Mario & Sonic At The London 2012 Olympic Games Review (3DS)

Game Review: Mario & Sonic At The London 2012 Olympic Games
Release: 02/14/12
Genre: Action/Mini-Game Collection
Developer: Sega
Available Platforms: Nintendo 3DS
Players: 1-4
ESRB Rating: E

What do Mario and Sonic do when they aren’t kart-racing around the Mushroom kingdom or racing around Progressive Insurance commercials? Why competing in the Summer Olympics, of course! Mario and Sonic at the London 2012 Olympic Games is published and developed by Sega in Cooperation with Nintendo. Having never had any exposure to the Sega/Nintendo mash-up series, I was eager to give the 3DS version a try, and I was pleasantly surprised. It is perfect for short or long gaming sessions, the presentation is polished, and the many mini-games are both fun and challenging.

My first experience with Olympic or athletic themed video games was 1984’s Epyx Summer Games. That game has 7 events with one control scheme, with just a few colors and long load times. Now, fast-forward nearly 30 years and Mario and Sonic offers more than 50 events and about as many controls schemes, fast load times, and a bright organized HUD.

Choosing the Single player option, you can choose to play one event at a time, or put together a medley, or even create or trade a medley with friends. Each individual event is grouped into broader categories, like Aquatics or Shooting or Gymnastics. As you scroll through each event, you can see how you medaled at each difficulty level (Easy, Normal, Hard), the character set available (Heroes, Challengers, Tricksters, Wild Ones, and Girls) and the Game Level(1,2, or 3 stars). You can quickly toggle the difficulty level at each event or set the default in the options.

Bright, clean and organized HUD

What really impressed me was not just the sheer volume of events, but that the control schemes were rarely repeated. I expected quick time button presses and maybe a stylus-use or two. But what I didn’t expect to do was blow into the mic, yell into the mic, draw patterns with the stylus, jerk the 3DS in many directions, memorize button presses, and have quick time button releases. The drawback is every event has a tutorial, because it’s probably the only time that particular scheme will be used. However, the tutorials are clear and concise. Each event starts and ends quickly, which is helpful, as you can replay or move onto another event with minimal waiting.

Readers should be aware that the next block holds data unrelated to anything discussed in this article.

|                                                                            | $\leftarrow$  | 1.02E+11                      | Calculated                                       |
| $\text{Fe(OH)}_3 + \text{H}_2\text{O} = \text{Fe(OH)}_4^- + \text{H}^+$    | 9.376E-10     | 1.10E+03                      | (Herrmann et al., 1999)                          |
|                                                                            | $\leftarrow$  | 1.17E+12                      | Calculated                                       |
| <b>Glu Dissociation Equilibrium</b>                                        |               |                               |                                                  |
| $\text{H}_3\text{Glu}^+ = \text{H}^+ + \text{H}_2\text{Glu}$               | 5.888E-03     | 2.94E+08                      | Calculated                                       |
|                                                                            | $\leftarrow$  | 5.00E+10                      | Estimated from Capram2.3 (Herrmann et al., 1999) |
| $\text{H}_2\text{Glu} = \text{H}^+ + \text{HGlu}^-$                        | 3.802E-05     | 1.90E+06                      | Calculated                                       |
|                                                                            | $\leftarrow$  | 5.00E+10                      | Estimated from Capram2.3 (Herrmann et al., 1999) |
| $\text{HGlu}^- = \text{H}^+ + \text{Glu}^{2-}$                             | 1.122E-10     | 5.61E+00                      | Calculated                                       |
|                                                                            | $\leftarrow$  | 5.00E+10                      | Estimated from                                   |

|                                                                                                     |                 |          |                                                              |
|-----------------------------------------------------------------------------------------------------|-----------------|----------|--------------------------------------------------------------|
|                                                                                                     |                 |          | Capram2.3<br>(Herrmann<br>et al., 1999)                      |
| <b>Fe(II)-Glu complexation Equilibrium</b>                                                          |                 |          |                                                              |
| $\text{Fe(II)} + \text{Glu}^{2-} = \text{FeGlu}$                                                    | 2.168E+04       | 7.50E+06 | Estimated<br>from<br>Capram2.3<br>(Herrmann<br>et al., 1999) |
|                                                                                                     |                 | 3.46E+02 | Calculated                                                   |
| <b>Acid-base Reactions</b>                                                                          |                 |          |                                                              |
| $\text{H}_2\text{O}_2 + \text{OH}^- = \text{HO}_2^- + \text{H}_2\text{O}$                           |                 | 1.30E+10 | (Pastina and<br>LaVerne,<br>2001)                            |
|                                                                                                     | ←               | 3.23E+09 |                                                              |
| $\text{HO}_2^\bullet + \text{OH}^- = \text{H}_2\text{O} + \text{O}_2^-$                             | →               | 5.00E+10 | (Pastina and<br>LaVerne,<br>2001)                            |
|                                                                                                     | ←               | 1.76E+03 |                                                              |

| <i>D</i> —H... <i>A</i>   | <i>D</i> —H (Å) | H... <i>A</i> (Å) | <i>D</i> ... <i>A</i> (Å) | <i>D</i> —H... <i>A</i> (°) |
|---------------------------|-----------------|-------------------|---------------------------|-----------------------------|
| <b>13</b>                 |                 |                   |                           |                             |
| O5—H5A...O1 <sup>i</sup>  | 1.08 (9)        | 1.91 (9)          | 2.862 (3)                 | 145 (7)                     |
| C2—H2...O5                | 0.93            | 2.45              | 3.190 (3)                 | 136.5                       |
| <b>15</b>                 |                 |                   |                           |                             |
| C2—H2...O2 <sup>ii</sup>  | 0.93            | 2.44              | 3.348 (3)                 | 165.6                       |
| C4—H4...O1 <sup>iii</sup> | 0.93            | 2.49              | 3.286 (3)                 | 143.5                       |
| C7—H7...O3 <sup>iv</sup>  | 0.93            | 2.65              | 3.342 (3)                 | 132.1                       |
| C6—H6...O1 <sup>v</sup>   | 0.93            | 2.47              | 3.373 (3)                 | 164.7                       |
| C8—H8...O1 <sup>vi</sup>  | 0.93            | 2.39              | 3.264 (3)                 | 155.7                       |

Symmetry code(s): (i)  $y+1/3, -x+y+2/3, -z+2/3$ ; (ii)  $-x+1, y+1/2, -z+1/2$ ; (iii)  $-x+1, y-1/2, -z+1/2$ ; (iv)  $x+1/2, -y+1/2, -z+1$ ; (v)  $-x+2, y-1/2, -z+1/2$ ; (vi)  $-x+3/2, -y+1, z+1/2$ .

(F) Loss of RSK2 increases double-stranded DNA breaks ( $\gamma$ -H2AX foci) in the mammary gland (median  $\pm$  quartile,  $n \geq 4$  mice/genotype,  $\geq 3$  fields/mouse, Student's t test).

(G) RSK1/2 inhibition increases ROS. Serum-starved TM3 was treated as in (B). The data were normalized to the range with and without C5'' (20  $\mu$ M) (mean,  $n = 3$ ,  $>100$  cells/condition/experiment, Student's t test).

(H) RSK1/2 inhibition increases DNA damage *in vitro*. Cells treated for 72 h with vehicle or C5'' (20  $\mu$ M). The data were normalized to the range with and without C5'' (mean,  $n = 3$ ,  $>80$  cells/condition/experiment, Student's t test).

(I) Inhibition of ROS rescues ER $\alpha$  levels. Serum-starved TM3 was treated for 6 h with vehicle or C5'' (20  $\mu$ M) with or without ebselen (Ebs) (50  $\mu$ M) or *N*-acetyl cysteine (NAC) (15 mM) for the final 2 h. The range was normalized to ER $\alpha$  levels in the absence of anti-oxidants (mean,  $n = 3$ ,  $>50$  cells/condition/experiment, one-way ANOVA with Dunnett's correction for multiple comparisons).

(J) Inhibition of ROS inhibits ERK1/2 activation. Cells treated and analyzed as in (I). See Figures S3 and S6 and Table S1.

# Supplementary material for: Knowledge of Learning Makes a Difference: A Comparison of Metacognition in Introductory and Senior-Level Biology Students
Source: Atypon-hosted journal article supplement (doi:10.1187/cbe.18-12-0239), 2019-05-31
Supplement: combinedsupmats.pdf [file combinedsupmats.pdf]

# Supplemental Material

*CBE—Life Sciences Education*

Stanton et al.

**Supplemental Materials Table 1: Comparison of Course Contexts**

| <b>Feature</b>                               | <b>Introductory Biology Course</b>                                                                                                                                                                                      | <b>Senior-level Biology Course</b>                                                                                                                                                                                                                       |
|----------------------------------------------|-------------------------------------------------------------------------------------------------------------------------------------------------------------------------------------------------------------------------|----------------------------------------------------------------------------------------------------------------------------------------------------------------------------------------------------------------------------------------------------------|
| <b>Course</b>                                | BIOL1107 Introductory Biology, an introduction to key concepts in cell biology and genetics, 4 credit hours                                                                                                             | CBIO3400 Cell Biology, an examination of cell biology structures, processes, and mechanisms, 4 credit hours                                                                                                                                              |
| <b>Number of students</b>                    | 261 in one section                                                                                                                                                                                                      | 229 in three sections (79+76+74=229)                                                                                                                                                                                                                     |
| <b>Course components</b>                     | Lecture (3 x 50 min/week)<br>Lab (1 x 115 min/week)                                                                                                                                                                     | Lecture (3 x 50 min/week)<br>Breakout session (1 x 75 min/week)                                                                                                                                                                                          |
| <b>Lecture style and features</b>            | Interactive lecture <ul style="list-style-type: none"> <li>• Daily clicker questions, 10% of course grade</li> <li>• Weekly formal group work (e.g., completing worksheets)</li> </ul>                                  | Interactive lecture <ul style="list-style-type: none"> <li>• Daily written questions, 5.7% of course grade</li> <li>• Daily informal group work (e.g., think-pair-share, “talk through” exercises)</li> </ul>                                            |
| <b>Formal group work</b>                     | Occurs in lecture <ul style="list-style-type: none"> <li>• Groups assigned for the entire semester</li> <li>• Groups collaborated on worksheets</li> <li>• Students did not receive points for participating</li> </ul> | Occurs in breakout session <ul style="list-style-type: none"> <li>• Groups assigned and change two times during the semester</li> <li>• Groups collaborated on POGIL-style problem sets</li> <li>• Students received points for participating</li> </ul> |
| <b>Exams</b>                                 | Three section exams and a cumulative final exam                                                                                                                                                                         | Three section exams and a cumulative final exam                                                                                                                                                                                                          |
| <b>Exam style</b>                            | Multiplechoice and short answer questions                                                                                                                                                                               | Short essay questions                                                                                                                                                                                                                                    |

Multiplayer pits you and up to three other local players in each of the sports, either head-to-head or one at a time depending on the event. Every event is available whether all in the party also have the game or if you are hosting the session and other 3DS owners are using the Download Play mode. Each event downloaded quickly and ran without any hitches or lag whatsoever.

Mario and Sonic offers more than just single and multi-player modes, it even provided a plot option. Made up of mostly cut-scenes, I found it a bit slow in pace while it loosely tied in the different characters at the London games. Bowser and Dr. Eggman, feeling jilted by not being invited to the games, devised a scheme to ruin the games for all the rest of the athletes. Their scheme, in London, was…fog. But this was not ordinary fog, it was sentient and troublesome; reminiscient of the Holodeck episodes of Star Trek: The Next Generation.

We should do this again in 2 years.

Overall, I was pleased albeit surprised with the amount of fun I had. The fog plot was a bit thin, but the events and the fun usage of the 3DS more than made up for it, especially because the plot was optional. The familiar characters made this game a bit more appealing, but as there didn’t appear to be any new voice-over work recorded, it could have been another set of characters and it wouldn’t have diminished the game much, if at all. What kept my attention was replaying each event to beat the world and personal records on file. Mario and Sonic really showcase the 3DS’s capabilities in an iconic setting with fun and colorful characters.

+ Great use of 3DS’s capabilities
+ Fast and polished interface
+ In and out of each event quickly
– Plot a bit thin (possibly unnecessary)

Overall 8/10

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